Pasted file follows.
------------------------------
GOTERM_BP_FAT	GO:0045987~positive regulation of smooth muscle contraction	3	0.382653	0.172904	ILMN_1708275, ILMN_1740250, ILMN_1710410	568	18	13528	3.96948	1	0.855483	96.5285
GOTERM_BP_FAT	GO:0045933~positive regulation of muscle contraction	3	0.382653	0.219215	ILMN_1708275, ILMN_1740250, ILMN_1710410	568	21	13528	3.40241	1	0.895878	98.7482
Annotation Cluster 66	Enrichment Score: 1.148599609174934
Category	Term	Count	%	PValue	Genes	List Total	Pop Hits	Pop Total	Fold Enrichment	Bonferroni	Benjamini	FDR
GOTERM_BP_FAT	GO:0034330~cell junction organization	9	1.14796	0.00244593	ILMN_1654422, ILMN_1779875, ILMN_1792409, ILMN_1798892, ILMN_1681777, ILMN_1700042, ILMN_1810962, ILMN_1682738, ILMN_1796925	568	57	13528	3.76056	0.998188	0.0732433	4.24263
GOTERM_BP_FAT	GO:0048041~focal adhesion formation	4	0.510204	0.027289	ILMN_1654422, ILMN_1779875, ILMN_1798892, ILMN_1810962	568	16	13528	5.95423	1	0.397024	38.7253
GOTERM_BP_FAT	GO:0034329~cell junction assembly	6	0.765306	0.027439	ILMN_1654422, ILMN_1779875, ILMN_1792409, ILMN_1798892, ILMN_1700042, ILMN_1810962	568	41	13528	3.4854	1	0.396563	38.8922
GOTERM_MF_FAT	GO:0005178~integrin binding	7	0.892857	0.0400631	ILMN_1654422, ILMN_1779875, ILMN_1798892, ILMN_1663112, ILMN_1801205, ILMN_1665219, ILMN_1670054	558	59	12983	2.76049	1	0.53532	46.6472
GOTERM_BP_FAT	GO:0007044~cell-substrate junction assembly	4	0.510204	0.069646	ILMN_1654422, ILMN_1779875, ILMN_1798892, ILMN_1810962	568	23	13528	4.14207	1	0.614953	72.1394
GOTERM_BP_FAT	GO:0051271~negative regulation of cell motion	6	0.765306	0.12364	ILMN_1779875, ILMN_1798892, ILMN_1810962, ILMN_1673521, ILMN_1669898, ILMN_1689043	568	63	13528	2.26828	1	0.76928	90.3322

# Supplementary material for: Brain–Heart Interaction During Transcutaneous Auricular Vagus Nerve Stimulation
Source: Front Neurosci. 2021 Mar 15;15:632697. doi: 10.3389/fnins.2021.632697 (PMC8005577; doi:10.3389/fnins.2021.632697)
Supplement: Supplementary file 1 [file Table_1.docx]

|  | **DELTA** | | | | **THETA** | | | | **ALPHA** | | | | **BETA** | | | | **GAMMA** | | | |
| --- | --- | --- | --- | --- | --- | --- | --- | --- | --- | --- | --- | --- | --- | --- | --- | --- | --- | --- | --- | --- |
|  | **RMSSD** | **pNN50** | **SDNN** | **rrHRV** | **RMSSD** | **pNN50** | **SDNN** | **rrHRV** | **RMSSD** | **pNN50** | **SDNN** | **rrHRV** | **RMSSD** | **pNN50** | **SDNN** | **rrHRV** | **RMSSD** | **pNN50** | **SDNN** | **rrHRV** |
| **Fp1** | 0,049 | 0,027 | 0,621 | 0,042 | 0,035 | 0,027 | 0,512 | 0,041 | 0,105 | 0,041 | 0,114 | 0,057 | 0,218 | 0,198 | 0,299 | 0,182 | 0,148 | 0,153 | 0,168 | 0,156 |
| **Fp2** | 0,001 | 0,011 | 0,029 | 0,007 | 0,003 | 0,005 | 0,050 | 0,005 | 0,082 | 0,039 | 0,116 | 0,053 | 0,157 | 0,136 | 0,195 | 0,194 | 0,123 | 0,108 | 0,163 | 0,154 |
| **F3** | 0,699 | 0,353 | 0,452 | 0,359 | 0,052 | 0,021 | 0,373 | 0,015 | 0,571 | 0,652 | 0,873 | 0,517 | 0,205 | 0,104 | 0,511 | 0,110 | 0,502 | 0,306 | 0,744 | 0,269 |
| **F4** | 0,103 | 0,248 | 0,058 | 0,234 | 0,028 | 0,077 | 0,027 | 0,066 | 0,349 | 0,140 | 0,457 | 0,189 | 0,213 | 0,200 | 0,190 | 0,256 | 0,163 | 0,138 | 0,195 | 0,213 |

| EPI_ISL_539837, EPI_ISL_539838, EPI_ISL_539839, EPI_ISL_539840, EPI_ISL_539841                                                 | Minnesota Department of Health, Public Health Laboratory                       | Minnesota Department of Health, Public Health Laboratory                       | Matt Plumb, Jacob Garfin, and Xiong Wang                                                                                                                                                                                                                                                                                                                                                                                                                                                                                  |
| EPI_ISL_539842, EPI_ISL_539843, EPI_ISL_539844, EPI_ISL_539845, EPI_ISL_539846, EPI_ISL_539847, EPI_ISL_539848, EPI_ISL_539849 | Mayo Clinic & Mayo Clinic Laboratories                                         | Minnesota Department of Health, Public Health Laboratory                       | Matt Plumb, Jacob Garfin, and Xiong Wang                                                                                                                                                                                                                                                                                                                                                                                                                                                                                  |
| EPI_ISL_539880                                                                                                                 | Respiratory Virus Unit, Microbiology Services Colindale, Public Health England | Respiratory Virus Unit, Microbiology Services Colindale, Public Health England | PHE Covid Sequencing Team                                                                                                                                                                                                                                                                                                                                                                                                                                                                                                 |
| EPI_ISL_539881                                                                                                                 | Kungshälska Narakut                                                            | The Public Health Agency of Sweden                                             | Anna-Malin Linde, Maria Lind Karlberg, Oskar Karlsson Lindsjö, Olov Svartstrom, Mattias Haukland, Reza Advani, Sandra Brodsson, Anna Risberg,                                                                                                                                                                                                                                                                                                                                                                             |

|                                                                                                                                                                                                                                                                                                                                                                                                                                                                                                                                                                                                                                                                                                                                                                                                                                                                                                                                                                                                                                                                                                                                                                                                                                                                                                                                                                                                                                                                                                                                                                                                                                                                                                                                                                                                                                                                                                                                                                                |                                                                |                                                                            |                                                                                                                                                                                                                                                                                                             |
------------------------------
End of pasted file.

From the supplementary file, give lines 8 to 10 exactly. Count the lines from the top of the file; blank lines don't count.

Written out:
GOTERM_MF_FAT	GO:0005178~integrin binding	7	0.892857	0.0400631	ILMN_1654422, ILMN_1779875, ILMN_1798892, ILMN_1663112, ILMN_1801205, ILMN_1665219, ILMN_1670054	558	59	12983	2.76049	1	0.53532	46.6472
GOTERM_BP_FAT	GO:0007044~cell-substrate junction assembly	4	0.510204	0.069646	ILMN_1654422, ILMN_1779875, ILMN_1798892, ILMN_1810962	568	23	13528	4.14207	1	0.614953	72.1394
GOTERM_BP_FAT	GO:0051271~negative regulation of cell motion	6	0.765306	0.12364	ILMN_1779875, ILMN_1798892, ILMN_1810962, ILMN_1673521, ILMN_1669898, ILMN_1689043	568	63	13528	2.26828	1	0.76928	90.3322